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Conclusions and Recommendations

Profiling in forensic science is still inchoate as we can see from the examples, although there is much research in this area. As with searches in databases, one should be aware of false interpretations of hits. False hits can be caused by the size of the database, by the techniques used, and since databases are often not very ‘clean’. The persons that interpret the information from profiling should be very aware of the limitations of the methods. In the example of the camera surveillance, one should be aware that artefacts which are used for identification can also be changed. This should always be considered in forensic evidence, and should be included in the chain of evidence. 

New ID systems with strengths to detect what was impossible previously, but weaknesses when they provide false positives, still offer new opportunities for improving and consolidating security. Indeed, electronic traces are information among others that are valuable in the context of the criminal justice system and forensic science.  

In the light of new technological advances in the field of forensic profiling, i.e. the interconnectivity databases and risk profiling, the existing data protection instruments are not always effective anymore. As commissioner Frattini recalled “the protection of fundamental human rights such as privacy and data protection stands side-by-side public safety and security. This situation is not static. It changes, and both values are able to progress in step with technological advances. But it also means that there must be lines which cannot be crossed, to protect people’s privacy” . However, as pointed out by the European Data Protection Supervisor, the different instruments adopted at European level “have in common that they enable a global monitoring of movements of individuals, even if from different perspectives. The way in which they can already contribute to the fight against forms of crimes, including terrorism, should be subject to in-depth and comprehensive analysis.” 

In that sense, the European Parliament pointed out that “Governments and EU institutions have often responded to terrorist attacks by adopting laws that have not been sufficiently discussed and some times in violation of basic human rights such as right to privacy or to a fair trial. Members call for further scrutiny of intelligence operations and for more proportionate and evidence-based legislation in the future.” 

In fact, the different norms approved at European level remain insufficient as they do not deal with the fundamental issues at stake before the widespread use of criminal intelligence, the increased monitoring of the average citizen or the increased linkage of police databases. Such instruments, fruit of difficult political consensus, implement principles broadly formulated and containing important derogations to the general data protection principles. Significant issues such as how to ensure the transparency and accountability of law enforcement activities, the quality of the data processed, e.g. the differentiation between categories of data subjects, or a strict application of the purpose specification principle remain unanswered. Moreover the comments of the European Commission, the European Data Protection Supervisor and the European Parliament are often not taken into account. At the level of the Council of Europe, the principles formulated in the eighties remain broad and subject to interpretation by Member countries.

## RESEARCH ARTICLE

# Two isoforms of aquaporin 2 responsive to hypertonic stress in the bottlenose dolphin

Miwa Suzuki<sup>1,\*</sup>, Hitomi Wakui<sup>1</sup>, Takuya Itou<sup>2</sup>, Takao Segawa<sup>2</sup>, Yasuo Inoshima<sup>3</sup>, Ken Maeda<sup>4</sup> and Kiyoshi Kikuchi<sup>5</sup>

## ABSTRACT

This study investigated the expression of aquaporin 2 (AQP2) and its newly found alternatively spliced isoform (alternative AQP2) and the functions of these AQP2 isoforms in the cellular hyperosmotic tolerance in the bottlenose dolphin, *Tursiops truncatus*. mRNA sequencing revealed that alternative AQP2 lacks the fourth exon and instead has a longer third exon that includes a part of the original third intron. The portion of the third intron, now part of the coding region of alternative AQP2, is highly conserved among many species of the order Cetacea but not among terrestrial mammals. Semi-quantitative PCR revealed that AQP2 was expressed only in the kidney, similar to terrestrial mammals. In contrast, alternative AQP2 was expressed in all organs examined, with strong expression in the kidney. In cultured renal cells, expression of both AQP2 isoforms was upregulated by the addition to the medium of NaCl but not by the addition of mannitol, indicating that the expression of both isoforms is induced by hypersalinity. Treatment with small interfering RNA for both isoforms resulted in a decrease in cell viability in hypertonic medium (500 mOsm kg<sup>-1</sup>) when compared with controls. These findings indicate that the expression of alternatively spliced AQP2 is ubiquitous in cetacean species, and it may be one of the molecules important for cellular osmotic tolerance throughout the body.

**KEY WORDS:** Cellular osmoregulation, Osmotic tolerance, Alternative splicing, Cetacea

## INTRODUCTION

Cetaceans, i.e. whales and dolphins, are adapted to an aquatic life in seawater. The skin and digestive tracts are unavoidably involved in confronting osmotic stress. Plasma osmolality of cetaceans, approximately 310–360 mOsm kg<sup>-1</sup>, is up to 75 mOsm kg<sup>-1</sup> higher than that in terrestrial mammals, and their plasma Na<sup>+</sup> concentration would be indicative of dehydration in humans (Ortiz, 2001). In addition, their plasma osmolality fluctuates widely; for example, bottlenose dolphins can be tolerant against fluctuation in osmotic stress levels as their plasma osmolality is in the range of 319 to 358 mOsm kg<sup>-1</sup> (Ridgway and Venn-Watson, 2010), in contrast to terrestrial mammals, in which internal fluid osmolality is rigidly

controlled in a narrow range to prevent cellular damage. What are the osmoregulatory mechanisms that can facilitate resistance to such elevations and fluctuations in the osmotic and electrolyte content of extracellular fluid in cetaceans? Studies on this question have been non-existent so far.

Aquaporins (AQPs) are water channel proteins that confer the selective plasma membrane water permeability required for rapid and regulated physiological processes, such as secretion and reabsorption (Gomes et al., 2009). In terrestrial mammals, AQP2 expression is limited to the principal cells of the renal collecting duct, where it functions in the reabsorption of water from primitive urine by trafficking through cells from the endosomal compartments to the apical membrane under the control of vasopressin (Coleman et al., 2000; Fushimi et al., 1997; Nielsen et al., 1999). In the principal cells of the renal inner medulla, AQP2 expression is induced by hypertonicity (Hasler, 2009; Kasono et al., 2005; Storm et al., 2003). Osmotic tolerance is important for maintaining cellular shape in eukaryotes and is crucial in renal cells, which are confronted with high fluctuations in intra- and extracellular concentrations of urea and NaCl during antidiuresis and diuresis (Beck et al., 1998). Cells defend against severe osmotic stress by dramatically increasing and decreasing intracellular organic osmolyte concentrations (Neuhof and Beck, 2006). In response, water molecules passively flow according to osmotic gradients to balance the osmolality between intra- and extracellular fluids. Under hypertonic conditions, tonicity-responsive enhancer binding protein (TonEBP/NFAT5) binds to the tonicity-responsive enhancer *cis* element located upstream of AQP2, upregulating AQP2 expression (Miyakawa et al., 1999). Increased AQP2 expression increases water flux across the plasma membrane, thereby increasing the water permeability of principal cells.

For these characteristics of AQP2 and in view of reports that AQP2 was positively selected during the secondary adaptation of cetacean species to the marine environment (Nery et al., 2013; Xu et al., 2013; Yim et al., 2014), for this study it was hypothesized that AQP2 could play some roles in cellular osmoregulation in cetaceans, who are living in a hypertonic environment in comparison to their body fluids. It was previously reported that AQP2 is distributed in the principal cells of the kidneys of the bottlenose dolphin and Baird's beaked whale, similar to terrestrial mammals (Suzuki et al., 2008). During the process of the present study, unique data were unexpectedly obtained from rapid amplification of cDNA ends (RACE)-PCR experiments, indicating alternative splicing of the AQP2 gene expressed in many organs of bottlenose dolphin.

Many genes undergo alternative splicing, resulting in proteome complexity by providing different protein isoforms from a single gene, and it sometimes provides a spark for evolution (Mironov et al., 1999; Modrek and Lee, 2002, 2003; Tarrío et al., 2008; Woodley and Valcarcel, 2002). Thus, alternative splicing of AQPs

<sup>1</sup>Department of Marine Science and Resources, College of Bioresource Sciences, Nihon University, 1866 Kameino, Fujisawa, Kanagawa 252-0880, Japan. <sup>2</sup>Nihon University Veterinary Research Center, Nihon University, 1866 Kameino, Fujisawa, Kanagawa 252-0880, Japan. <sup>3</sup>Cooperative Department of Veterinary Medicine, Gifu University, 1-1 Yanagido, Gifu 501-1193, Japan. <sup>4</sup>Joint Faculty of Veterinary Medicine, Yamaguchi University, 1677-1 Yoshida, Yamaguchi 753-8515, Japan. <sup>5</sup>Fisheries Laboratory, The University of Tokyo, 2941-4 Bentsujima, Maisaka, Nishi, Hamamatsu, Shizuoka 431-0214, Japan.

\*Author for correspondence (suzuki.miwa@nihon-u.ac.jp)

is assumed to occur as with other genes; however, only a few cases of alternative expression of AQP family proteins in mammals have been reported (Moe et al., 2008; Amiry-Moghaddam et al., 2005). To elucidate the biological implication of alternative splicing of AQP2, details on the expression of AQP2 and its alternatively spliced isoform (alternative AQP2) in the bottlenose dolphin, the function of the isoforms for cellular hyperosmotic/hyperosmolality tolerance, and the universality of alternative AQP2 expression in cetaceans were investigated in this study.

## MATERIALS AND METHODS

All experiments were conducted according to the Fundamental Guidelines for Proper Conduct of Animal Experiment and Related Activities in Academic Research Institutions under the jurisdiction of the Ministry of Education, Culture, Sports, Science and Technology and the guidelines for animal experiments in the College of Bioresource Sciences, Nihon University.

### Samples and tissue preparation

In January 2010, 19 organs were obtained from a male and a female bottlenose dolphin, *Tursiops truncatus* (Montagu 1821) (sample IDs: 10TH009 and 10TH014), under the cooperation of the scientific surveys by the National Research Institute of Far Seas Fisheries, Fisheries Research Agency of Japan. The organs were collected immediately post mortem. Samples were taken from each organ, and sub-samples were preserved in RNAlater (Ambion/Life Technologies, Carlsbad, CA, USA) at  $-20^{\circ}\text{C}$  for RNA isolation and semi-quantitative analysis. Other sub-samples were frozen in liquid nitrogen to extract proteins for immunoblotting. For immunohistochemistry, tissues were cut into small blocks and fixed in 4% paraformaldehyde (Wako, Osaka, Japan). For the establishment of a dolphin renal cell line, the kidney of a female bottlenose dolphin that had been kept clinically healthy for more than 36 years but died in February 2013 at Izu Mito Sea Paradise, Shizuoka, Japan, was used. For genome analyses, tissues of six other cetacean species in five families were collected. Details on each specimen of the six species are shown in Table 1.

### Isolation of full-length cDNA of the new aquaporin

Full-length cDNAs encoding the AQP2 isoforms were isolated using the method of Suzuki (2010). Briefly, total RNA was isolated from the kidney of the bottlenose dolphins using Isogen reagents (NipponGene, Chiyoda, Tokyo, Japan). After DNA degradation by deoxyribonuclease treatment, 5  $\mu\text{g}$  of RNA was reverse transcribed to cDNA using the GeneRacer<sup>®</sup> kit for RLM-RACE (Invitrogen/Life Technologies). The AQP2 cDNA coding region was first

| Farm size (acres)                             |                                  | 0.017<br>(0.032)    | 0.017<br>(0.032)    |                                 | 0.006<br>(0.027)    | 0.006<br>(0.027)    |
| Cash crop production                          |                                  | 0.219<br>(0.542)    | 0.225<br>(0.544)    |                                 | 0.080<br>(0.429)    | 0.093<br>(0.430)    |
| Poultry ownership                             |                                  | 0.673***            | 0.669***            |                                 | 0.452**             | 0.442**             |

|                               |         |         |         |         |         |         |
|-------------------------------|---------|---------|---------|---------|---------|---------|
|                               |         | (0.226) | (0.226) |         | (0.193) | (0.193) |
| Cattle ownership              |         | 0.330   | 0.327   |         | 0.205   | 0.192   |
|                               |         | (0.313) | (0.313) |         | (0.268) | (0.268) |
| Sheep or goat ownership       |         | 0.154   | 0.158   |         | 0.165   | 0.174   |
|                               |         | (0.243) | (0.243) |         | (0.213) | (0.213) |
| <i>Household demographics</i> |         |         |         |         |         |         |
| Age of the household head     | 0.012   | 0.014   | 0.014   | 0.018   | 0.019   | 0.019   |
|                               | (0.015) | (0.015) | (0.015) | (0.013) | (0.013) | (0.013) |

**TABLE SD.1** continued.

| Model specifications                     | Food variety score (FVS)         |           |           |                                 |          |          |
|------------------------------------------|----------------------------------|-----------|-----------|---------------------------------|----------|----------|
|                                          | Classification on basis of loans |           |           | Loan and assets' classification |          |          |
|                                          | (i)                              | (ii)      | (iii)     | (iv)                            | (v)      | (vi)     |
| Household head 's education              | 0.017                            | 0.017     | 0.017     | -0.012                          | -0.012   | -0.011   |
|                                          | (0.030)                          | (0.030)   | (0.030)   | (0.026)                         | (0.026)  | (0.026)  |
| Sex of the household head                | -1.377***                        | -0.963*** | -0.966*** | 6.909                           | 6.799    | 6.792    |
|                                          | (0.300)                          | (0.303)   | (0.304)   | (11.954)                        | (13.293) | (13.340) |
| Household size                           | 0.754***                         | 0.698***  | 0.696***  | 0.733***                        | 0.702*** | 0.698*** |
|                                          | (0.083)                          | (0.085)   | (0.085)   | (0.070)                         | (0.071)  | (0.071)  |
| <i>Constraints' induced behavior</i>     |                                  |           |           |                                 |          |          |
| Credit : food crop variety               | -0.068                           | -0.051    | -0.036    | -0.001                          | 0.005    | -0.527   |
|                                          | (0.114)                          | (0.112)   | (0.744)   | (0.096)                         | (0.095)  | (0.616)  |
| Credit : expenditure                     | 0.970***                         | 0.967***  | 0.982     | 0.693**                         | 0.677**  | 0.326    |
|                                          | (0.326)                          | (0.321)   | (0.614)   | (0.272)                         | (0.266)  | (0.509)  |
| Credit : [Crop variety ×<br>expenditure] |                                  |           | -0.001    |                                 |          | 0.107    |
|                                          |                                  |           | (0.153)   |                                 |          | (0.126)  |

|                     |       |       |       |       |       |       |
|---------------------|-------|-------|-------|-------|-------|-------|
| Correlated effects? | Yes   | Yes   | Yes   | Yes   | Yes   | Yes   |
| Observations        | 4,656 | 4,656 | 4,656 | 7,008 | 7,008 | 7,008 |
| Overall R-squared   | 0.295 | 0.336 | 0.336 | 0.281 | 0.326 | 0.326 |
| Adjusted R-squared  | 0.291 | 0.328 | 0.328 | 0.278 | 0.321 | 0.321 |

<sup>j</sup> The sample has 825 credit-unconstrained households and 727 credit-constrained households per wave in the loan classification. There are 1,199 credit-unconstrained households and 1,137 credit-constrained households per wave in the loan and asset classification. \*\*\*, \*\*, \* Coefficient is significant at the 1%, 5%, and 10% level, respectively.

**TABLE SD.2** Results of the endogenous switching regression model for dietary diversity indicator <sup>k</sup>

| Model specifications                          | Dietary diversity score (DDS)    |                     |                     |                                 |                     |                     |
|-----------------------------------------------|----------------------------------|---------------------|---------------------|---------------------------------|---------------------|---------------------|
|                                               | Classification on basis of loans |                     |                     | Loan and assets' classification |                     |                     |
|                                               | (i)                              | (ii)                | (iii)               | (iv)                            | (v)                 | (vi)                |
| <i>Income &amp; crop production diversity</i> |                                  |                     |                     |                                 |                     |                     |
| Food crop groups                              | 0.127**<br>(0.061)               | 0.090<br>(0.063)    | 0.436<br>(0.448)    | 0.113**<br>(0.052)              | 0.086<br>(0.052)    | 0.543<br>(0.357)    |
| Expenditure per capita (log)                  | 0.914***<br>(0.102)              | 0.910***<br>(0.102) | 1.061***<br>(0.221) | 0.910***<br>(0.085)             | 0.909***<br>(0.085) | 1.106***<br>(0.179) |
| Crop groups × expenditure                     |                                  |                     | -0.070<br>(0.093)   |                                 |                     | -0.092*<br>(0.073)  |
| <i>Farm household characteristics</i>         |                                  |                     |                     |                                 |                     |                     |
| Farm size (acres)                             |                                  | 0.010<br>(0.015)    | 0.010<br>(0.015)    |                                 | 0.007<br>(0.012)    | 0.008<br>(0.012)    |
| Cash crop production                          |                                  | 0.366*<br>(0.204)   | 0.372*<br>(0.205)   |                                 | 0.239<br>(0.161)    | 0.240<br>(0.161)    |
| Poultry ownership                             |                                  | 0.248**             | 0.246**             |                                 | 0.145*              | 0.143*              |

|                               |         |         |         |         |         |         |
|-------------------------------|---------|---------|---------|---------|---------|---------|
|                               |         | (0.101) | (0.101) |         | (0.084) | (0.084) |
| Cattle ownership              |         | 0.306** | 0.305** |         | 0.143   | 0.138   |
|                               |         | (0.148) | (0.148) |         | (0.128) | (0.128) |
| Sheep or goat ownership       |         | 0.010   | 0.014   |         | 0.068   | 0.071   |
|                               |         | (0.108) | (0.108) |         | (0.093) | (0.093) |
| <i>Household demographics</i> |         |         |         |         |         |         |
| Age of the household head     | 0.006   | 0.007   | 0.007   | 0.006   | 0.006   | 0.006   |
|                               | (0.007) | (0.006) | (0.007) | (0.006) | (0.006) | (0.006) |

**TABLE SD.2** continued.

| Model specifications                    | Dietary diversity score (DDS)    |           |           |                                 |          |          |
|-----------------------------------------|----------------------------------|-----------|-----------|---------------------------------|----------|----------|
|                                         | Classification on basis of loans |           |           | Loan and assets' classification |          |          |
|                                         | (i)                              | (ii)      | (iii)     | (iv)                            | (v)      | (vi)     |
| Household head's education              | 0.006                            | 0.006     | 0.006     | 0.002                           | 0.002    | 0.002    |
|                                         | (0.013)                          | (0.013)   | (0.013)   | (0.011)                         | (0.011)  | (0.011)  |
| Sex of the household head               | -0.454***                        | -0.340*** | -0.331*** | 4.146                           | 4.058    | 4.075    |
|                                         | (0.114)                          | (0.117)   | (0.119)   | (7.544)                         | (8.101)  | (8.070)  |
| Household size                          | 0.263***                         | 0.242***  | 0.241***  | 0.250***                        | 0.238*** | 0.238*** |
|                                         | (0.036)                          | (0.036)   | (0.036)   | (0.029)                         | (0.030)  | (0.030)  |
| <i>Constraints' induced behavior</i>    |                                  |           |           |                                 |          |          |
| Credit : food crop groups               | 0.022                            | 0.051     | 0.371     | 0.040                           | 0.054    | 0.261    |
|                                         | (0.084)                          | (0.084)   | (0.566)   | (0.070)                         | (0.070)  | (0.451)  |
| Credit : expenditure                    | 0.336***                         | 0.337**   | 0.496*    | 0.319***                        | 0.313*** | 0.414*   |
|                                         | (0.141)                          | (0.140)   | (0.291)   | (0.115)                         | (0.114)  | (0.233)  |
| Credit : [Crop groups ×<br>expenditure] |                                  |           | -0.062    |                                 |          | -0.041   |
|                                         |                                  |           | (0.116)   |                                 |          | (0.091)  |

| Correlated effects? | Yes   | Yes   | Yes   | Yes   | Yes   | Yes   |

Another complication is that the multitude of initiative creates a complex framework prone to legal loopholes and difficult to comprehend. The draft Framework decision on data protection in the third pillar has been limited to the exchange of personal data between law enforcement authorities and fails to provide the third pillar with a comprehensive and strong data protection framework. Furthermore, the European Data Protection Supervisor stressed that for certain aspects the current text of the proposal does not provide for the same level of protection as defined in Convention 108. This certainly seems to be the case with the provision on the further use of data received from a Member State (Articles 3 and 12) and the right of access (Article 17).”  

All these factors create legal uncertainty and should lead each Member State to face individually the challenges of ensuring that the new activities developed within the law enforcement field are subject to the principles of “scrutiny”, “accountability” and “transparency”, in a context of increased international activity and exchanges of criminal data. Each country will thus be called to make the specific balance between the competing interests at stake, in particular to prevent that the increasing use of personal data for risk prediction turns into stigmatisation of parts of the population.  

It is, however, too soon to evaluate how the European Commission will implement the required safeguards and balance the different needs at stake. It suffices to say that the proposal for a Framework Decision for data protection in the third pillar constitutes a first laboratory where the aforementioned safeguards will have to be implemented.  


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